It is to be kept in mind that while the pulses may be maintained at a given duration, the average voltage applied to the motor will increase with increased frequencies since the pulses will be occurring at increased repetition rates.

Referring now to FIG. 4 wherein the logic control circuit of this invention is shown, external command signals are applied to the input of the logic circuit from. external controls 12. The command signals include safety monitoring input 46 and manually operated signals including onoff input 48, forward-reverse input 50 and power command 52 which in a vehicle corresponds to throttle position.

The external control 12 includes a source 56 of programmed slip frequency signals fs which are applied to the timing pulse generator 14. The timing pulse generator 14 provides timing signals to the logic circuit at a frequency corresponding to an integral multiple of the combined motor rotor frequency plus slip frequency. The added slip frequency is and the motor speed frequency fm are conveniently added in the timing pulse generator and also frequency multiplied by a conventional frequency multiplication circuit means to provide a signal six times the frequency of fs plus fm. The pulse frequency output of timing pulse generator 14 occurs at six times the inverter frequency which is the synchronous frequency of the applied motor excitation. Acordingly, a three phase sequence is produced in the inverter 16 in which a phase change occurs six times during one inverter cycle or every 60 electrical degrees. To provide the phase sequency, timing pulses from generator 14 are generated on output lines 58 with one line being applied to a phase sequence control 60 which includes a binary counting means for producing a three-phase sequence. The manual command signals from controls 12 include line 64 which provides a logic control signal to circuit 60 from forwardreverse command input 50 to reverse the phase sequence of the binary counting and thus the inverter phase sequence.

Safety monitoring signals from 46 are combined on line 62 with the on-off command applied at 48 so that logic GO-NO GO signals are provided and in the event of a malfunction the logic will be turned off. Also the GO-NO GO signal may be responsive to an off throttle position, when a throttle position controls the power command. In such a case no logic output signals are produced and the inverter is turned off so that no power from. the power source is used. The power command or throttle input 52 is applied to a power command circuit 68 where it is combined with a motor speed signal fm. The motor speed signal is combined with the power command in circuit 68 and a signal is provided on the output lines 66 that is proportional to the desired average motor voltage which accordingly is a function of both the desired power and the motor speed. The motor speed signal fm is also applied to the programmed slip frequency control 56 to vary the slip frequency signal in accordance with the motor speed as explained above. The speed signal fm applied to the power command circuit 68 and the slip frequency circuit 56 may be provided alternatively from point A at the output of timing pulse generator 14 to the circuit junction 72. The timing pulses are sufficiently approximate to the actual motor speed that the point A may be used as a convenient circuit connection from the logic to the junction 72 in providing motor speed reference signals to circuits 56, 6'8 and a third logic circuit explained in further detail below.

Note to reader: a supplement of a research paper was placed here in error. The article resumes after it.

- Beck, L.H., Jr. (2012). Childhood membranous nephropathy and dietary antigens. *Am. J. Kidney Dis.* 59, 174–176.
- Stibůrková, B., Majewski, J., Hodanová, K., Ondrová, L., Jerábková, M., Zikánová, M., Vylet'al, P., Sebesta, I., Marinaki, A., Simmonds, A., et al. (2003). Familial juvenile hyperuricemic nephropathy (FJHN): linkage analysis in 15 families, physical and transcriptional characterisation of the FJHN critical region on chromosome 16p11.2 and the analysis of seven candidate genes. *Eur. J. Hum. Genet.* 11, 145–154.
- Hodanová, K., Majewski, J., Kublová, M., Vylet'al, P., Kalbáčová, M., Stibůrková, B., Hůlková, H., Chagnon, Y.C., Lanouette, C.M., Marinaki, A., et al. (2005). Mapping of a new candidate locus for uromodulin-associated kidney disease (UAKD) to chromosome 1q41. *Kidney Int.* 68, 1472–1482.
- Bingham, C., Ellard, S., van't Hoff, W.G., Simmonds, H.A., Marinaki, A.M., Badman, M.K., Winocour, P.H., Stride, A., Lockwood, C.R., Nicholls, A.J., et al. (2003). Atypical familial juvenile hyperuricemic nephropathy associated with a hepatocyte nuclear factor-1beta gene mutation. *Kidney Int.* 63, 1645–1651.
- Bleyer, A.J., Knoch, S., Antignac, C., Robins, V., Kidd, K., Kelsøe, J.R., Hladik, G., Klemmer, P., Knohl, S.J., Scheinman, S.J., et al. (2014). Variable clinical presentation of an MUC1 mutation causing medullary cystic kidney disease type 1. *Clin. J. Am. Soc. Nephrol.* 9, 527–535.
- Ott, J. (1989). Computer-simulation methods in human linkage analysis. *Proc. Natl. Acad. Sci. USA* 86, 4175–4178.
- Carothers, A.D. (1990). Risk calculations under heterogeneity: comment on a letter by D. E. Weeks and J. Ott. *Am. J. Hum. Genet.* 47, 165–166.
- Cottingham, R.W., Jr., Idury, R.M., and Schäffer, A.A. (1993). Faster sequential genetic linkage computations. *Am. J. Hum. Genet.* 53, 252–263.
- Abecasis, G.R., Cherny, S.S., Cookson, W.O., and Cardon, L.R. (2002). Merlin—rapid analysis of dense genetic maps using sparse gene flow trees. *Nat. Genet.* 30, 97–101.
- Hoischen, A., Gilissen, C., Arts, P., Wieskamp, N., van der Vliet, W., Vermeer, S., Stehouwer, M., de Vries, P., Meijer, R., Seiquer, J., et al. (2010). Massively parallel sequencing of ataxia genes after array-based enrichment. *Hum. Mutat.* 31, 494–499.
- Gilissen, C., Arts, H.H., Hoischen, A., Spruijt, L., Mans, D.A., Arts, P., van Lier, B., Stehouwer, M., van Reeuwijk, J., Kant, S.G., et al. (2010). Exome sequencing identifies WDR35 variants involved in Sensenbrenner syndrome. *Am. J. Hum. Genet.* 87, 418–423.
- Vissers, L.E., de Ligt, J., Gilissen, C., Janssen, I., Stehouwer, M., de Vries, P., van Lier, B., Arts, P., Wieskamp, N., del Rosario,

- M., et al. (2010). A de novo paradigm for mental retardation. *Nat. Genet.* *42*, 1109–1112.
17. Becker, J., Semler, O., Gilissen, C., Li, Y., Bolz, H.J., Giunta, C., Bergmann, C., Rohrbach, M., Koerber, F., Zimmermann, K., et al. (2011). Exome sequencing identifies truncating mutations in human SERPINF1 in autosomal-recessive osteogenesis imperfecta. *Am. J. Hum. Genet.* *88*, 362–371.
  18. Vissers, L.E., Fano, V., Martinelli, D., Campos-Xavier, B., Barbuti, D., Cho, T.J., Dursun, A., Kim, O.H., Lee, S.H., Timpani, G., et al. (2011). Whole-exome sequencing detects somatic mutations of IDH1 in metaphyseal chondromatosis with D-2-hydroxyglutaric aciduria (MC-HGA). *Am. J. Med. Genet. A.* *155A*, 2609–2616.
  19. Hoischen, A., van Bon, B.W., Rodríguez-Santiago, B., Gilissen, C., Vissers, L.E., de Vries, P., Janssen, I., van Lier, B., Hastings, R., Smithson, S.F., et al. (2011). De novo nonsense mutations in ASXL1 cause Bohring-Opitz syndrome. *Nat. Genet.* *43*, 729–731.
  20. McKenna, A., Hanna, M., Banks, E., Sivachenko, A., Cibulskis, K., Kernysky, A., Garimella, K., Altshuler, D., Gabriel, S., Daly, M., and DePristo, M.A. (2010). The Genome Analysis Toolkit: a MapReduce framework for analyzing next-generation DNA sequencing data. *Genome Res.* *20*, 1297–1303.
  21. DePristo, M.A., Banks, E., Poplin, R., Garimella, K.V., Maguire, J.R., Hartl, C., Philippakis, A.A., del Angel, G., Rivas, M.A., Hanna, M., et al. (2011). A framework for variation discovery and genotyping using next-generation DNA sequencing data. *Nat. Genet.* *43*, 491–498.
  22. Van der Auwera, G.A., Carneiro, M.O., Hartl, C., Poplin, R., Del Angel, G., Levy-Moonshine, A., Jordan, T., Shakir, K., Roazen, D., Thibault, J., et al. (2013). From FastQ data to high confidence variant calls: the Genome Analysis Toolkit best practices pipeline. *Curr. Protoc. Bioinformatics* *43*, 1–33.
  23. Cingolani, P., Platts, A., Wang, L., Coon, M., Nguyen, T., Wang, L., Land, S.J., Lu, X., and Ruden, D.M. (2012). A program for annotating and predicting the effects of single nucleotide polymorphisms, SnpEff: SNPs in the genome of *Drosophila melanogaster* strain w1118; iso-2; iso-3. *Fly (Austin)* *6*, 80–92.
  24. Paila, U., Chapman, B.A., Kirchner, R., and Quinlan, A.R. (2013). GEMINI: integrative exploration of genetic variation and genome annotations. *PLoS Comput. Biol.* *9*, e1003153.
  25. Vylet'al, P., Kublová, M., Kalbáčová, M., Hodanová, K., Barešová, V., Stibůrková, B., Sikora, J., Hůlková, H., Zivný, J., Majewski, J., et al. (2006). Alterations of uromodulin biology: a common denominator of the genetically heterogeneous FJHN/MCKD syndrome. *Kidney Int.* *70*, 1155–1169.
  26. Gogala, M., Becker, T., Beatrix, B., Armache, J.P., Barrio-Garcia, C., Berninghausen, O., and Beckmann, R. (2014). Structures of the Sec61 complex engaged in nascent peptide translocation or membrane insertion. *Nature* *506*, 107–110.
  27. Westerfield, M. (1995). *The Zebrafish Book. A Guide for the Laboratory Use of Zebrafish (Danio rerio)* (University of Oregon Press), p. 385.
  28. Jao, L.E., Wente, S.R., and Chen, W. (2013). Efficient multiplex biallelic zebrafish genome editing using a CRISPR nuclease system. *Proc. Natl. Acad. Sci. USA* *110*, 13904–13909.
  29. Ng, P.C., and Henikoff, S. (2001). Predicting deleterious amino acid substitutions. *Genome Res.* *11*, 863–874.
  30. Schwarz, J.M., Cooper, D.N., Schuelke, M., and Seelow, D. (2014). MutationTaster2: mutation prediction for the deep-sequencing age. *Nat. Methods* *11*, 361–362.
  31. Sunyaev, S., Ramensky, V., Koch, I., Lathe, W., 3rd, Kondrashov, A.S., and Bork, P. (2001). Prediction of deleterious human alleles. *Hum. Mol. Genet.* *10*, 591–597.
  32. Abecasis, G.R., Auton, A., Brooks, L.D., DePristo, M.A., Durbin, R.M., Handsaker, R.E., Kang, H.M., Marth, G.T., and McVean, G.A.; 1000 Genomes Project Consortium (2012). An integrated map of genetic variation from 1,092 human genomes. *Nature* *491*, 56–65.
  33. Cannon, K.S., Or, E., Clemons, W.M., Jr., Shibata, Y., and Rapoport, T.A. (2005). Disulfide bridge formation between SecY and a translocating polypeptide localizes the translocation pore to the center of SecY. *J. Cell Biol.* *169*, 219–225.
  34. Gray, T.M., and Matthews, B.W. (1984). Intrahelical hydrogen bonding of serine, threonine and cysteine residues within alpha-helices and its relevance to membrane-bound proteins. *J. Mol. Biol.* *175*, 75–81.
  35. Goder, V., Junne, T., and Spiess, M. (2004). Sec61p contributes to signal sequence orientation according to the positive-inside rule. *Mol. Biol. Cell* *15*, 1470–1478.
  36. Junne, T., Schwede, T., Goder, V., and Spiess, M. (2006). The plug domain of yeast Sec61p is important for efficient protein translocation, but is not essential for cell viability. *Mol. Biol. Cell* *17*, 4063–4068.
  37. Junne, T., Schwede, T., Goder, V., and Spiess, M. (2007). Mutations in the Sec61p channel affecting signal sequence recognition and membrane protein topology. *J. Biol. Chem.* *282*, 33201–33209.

Referring now in further detail to FIG. 4 and the circuits of the logic control 10 wherein are shown block diagrams of conventional circuits having gating, delay and pulse producing functions known in logic systems and will not be described in detail. For example, the circuit includes AND and OR gating circuits although analogous circuits such as NAND and NOR circuits can be used to perform analogous logic functions. To start and synchronize the logic circuit, timing pulse generator 14 is connected to an AND logic gate 74 along with the GO-NO GO signal from line 62. A GO signal must be present before pulses of the timing pulse generator can be coupled through the gate 74 to line 58. The timing pulses on line 58 are applied to a reset circuit 76, a power control trigger network 78, and as noted above, the phase sequence control 60. The timing pulses applied to reset circuit 76 are connected to the input of a variable pulse width generator 80 which is described in detail 'below. The width of the pulses supplied from the variable pulse circuit 80 is determined by a motor speed signal fm which is the third output from junction 72. The output of the reset circuit 76 provides a reset pulse on output lines 82 which is connected to a duty cycle control circuit 84, the power control trigger circuit 78 and an internal clock circuit 86. Synchronization by the reset pulse is provided by simultaneously starting the circuits 84 and 86 and, after a predetermined time-delay, producing a turn-on trigger pulse from circuit 78. Also included in the reset circuit 76 is a second pulse generator circuit 88 which may be a monostable multivibrator having a fixed pulse width output and an input supplied from internal clock circuit 86, output line 90, through an AND logic gate 92 and line 93. The GO-NO GO signal from line 62 is applied to AND gate 92 as well as AND gate 74 to enable the gates so as to pass signals only when GO logic command signal is present. The pulse circuits 80 and 88 produce a reset pulse 100 on line 82 through OR gate 70 and accordingly it can be seen that the reset circuit 76 will produce a reset pulse from either circuit or both in which case the output pulses will overlap.